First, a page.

Rundown for the week of March 6, 1999
Journey to Robben Island
After having helped free his country from the bonds of apartheid and
establishing a new, democratic government, South African President Nelson
Mandela has said he will not seek reelection this spring during the
upcoming elections. Among the many legacies which President Mandela leaves
behind is the establishment of Robben Island as a national monument. It
was on this bleak and wind-swept outcrop, ten miles off the shores of Cape
Town, that Mandela served the majority of his 26 years in prison. The
Savvy Traveler's Tom Verde visited Robben Island, to see the prison cell
where Mandela spent eighteen years of his life and where South African
democracy was born.
As you know, another part of Africa received lots of press this week,
after eight tourists were slaughtered in Uganda. They were kidnapped while
visiting Bwindi (Bwin-dee) National Park, a popular destination for
trekkers hoping to see the famous "Gorillas in the Mist." The park is the
only place in the world to find the giant mountain beasts.
Hutu rebels from across the border in Rwanda attacked the group of
tourists to demonstrate their anger at the U.S. and Britain for supporting
Rwanda's Tutsi government. The School for International Training in Brattleboro, Vermont, currently
has a group of American students at Makerere (Mawk-uh-rare-ee) University
in Kampala, Uganda's capital. Kevin Brennan, director of the school's
Africa programs, spoke to us from his home in Kampala and said that while
his school is postponing trips to this part of Uganda indefinitely, he
thinks the country overall is still safe.
Brennan: "The knowledge that westerners might have about Uganda might be
small - it might begin with Idi Amin and end with eight tourists getting
killed - but Uganda is not a tiny place. There are any number of places
to go. If you are devoted to the idea of seeing mountain gorillas then you
will want to dely your trip for a decent period of time, but if you are
coming to be in Uganda, to experience cultural things as much as wildlife
things, then there are plenty of places to come to."
Kevin Brennan is the School for
International Training's regional director for Africa.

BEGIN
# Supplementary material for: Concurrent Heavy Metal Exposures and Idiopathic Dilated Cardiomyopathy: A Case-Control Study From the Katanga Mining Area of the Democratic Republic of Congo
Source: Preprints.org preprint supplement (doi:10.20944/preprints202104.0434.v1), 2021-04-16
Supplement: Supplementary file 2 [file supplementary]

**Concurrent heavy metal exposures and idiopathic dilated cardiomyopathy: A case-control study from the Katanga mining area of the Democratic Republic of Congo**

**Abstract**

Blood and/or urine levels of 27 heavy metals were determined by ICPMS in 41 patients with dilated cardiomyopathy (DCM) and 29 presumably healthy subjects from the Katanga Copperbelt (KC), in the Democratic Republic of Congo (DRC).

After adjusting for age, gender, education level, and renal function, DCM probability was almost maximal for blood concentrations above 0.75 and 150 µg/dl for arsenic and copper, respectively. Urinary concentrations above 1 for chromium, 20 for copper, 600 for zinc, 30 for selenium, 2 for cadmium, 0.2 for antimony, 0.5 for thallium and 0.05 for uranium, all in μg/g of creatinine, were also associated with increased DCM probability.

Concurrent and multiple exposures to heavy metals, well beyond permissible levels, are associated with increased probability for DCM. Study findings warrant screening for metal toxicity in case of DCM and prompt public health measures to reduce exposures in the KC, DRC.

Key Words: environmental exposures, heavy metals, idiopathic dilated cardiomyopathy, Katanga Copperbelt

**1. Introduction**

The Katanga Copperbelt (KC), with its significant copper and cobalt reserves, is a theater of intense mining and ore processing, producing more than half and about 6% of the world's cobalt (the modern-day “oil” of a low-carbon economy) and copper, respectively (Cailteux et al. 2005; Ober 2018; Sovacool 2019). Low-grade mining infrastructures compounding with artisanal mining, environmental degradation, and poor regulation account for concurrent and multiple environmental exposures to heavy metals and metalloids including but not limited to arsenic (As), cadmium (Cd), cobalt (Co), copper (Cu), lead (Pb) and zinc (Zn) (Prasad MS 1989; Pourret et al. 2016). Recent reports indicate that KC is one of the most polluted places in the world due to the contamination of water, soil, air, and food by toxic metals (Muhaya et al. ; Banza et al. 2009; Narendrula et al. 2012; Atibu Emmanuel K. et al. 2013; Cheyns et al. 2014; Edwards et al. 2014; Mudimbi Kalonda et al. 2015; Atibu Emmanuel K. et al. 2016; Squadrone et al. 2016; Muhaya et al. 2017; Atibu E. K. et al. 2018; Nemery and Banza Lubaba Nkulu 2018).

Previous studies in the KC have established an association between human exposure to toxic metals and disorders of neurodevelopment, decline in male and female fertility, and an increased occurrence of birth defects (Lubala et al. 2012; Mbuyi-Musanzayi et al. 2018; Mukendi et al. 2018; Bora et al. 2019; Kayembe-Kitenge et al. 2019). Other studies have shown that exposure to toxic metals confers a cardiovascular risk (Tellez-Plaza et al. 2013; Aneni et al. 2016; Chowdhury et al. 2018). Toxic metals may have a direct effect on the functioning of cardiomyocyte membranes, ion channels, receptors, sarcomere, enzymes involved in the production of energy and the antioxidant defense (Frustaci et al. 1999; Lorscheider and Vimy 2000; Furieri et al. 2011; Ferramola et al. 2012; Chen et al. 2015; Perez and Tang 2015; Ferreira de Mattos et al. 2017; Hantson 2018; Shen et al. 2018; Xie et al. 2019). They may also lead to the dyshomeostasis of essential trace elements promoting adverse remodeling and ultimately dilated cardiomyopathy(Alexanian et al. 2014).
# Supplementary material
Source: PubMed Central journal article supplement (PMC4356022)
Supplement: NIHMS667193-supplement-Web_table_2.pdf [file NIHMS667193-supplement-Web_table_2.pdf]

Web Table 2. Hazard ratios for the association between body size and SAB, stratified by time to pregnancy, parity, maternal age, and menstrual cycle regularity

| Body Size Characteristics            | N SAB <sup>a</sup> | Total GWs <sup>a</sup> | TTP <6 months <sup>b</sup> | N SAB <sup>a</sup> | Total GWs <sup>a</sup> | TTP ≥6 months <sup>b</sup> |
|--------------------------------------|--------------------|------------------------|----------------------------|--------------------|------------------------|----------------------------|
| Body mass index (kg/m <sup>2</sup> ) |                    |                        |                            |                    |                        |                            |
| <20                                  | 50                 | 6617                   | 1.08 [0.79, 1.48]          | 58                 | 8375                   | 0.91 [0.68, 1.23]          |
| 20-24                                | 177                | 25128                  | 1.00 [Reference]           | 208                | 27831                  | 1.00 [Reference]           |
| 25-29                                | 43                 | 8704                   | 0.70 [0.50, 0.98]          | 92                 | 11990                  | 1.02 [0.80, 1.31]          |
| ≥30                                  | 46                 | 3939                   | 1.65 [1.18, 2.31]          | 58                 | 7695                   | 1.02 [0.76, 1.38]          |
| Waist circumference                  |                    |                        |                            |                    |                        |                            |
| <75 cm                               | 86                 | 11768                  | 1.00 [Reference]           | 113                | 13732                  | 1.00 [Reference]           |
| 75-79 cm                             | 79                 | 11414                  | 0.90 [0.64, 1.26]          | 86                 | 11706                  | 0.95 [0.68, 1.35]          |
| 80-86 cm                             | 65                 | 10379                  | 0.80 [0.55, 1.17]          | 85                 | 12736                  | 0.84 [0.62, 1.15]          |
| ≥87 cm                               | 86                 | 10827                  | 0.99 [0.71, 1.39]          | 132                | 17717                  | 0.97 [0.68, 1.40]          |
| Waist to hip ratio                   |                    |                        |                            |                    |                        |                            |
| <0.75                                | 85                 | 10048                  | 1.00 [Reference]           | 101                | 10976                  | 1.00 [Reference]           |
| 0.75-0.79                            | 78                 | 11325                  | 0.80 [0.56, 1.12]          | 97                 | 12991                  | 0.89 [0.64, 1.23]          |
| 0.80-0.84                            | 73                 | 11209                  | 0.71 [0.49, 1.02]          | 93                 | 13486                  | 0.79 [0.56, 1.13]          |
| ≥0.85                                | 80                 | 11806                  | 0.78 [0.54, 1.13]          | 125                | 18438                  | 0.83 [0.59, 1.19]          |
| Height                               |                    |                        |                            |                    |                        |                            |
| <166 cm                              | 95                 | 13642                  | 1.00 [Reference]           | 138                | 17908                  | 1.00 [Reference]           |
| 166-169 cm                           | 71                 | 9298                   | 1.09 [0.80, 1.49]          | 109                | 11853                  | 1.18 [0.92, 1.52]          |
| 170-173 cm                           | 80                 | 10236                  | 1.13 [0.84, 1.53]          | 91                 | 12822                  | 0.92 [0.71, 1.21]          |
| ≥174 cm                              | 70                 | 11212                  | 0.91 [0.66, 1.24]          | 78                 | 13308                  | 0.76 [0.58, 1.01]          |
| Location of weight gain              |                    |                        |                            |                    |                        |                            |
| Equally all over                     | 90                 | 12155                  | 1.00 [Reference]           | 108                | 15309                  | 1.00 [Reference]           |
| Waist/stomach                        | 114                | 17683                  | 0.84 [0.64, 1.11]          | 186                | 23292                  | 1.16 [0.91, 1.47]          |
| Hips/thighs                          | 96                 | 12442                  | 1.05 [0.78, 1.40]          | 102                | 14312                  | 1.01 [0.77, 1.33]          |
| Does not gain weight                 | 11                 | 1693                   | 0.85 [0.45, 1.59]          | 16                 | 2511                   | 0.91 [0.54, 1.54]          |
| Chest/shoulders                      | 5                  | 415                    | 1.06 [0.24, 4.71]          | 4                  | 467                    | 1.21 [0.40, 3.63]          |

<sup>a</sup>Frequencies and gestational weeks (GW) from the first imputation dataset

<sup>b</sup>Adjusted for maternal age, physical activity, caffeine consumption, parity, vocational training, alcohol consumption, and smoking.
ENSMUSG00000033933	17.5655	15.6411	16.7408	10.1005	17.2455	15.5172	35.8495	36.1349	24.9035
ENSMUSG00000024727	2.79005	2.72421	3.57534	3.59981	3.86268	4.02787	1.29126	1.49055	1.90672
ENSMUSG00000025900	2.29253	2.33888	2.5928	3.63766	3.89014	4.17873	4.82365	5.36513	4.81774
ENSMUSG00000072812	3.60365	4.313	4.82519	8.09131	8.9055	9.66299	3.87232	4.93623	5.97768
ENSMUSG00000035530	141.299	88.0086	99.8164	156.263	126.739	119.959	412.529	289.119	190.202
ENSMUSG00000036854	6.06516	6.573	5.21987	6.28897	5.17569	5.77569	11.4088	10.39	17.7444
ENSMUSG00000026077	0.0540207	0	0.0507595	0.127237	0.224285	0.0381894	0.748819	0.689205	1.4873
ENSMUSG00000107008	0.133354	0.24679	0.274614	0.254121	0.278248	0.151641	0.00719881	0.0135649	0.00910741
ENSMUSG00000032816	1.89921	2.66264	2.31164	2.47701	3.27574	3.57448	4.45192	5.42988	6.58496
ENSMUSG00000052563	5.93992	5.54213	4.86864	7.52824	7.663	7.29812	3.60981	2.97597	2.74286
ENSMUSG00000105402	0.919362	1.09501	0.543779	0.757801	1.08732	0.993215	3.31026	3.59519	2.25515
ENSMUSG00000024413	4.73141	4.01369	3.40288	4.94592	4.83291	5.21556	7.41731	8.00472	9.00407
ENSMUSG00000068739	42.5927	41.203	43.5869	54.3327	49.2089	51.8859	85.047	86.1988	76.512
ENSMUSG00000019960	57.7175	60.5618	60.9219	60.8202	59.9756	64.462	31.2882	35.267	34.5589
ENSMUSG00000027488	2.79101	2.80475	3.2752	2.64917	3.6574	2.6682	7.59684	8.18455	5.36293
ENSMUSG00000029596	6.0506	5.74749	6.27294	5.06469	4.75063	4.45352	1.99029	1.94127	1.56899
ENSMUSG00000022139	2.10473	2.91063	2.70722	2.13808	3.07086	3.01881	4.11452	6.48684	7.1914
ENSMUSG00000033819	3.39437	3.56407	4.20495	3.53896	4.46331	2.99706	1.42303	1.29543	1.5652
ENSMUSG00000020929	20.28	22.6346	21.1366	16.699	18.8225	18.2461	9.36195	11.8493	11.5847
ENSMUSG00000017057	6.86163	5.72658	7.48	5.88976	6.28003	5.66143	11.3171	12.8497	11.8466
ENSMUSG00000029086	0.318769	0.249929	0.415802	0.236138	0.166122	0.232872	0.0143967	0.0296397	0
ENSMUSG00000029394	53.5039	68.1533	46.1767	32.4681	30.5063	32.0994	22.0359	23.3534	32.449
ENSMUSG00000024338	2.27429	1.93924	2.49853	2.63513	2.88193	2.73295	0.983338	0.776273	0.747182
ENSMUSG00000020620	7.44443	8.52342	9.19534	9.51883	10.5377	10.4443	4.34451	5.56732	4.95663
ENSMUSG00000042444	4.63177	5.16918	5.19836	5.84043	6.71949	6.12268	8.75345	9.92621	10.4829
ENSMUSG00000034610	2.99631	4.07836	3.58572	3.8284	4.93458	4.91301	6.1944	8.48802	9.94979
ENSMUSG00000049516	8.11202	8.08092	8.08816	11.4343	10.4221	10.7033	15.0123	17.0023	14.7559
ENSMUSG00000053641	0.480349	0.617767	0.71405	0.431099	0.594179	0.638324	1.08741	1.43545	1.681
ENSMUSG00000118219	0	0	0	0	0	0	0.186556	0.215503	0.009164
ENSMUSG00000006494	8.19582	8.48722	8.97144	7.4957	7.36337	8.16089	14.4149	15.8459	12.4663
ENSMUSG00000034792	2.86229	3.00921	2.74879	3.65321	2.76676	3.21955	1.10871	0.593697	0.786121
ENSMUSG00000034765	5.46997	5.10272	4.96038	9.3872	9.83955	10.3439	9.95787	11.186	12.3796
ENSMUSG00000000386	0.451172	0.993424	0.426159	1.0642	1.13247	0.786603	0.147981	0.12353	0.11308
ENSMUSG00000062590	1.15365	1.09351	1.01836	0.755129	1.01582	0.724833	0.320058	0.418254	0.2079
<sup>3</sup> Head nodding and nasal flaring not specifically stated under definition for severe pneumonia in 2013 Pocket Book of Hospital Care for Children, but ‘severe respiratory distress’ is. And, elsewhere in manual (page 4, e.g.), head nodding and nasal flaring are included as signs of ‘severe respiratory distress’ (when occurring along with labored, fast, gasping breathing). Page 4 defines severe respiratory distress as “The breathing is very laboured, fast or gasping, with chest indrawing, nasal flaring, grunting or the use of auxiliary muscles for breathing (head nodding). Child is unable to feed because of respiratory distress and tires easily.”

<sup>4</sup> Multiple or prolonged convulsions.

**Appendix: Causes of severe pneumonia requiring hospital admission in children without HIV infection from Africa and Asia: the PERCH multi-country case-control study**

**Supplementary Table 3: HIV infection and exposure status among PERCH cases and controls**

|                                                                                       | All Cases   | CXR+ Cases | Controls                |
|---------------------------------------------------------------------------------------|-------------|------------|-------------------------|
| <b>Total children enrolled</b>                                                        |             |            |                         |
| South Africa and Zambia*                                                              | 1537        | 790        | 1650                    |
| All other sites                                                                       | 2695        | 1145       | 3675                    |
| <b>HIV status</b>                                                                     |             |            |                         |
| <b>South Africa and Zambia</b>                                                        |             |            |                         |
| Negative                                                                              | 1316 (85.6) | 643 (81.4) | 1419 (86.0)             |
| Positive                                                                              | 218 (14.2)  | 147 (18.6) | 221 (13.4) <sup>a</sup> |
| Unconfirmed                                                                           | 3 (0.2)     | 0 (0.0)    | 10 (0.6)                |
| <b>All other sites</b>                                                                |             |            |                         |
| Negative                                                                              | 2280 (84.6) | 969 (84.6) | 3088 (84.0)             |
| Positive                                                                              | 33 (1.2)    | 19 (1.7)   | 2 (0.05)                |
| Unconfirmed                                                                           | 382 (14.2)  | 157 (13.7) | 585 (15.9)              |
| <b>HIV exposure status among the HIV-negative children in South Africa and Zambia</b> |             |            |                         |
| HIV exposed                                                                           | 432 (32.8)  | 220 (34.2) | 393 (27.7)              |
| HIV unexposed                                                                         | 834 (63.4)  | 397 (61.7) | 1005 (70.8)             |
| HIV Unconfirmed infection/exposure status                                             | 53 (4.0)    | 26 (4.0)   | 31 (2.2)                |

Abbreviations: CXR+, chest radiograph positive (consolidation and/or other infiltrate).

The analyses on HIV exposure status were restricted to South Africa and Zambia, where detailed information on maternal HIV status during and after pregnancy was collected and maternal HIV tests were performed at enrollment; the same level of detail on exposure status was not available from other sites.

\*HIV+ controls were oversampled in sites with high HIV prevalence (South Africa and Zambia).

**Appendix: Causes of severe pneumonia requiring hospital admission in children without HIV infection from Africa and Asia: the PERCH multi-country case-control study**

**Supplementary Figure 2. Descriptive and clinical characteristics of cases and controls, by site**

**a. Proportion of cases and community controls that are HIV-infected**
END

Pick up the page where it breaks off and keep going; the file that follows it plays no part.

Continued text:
Q&A I: Hygiene woes
Rudy talks to listeners about their hygiene challenges on the road.
Melissa Biggs Bradley Interview
March 8th is International Women's Day, so in celebration we're going to find out what women want
when they travel. And what better expert to consult than Melissa Biggs
Bradley. She's the senior travel editor at Town and Country. Her column
in the January issue caught out attention. It's appropriately titled,
"What Women Want When They Travel." She says the idea for the story came
after she and her husband compared notes on their travel experiences.
Guess who always got the upgrades?
Many early mornings, at airports in cold cities, such as Boston and
Minneapolis, technicians are out in the dark and the cold. They stand on
the tops of their trucks, high over the airport runway and look carefully
at the bodies and wings of 747's, DC 10's, MD 11's for ice and frost.
Their inspection is the first step in the crucial business of getting rid
of the ice on your aircraft. Judith Ritter take us along for a morning
spent at the de-icing center at Dorval airport in Montreal, Quebec.
Deal of the Week
When airlines announce new routes, that usually means bargains. This week there's an unusual number of those kinds of deals.
Deal number one . . . How does spring in Norway sound? On May first, Northwest begins non-stop service from Minneapolis/St. Paul to Oslo.
Deal number two features the Emerald Isle. On May 28th, Aer Lingus inaugurates service between Los Angeles and Ireland.
Deal number three is closer to home. On May first, American Trans Air, better known as ATA, starts non-stop service between Philadelphia and Chicago's close-in Midway Airport.
Q&A II: General Questions
Rudy takes listeners' general questions about travel. He mentions:
What Do You Do Once You Get There?
- The Internet is a great travel resource. The following website has all
the information you need to plan your trip:
No amount of high school instruction is going to prepare you for those
hidden idioms lurking in the corners of the French language...waiting to
embarrass and confuse you at any given moment. There are so many
expressions that are impossible to translate. And now The Savvy Traveler's
Vagabond Traveler, Doug Lansky has a new one to add to the list....Animal
Next Week on The Savvy Traveler
Please join us again next week when we go in search of a traditional St. Patrick's
Day celebration in....Montana?
Clip: "Shannon says the Irish in Butte had to be tough. Holding on to
Irish identity was part of survival in a litany of hardships these people
We'll find out how a popular guidebook decides how and when you're getting
a good deal. And since you're obviously a radio fan, we'll bring you along
to some tapings in London.
Clip: "Welcome to the Big Booth, a variety show hosted by Boothby Batho. It was
described between a cross between Prarie Home Companion and Dumb and
Dumber. It's actually a cross between Dumb and Dumber."
Radio Free England and lots more so come along for the ride in next
week's edition of The Savvy Traveler.
For tapes of the show
If you want your very own copy of The Savvy Traveler, order an audio
cassette. It's easy. Just call 303-823-8000. The price is $15. As Rudy
says, it's a steal.
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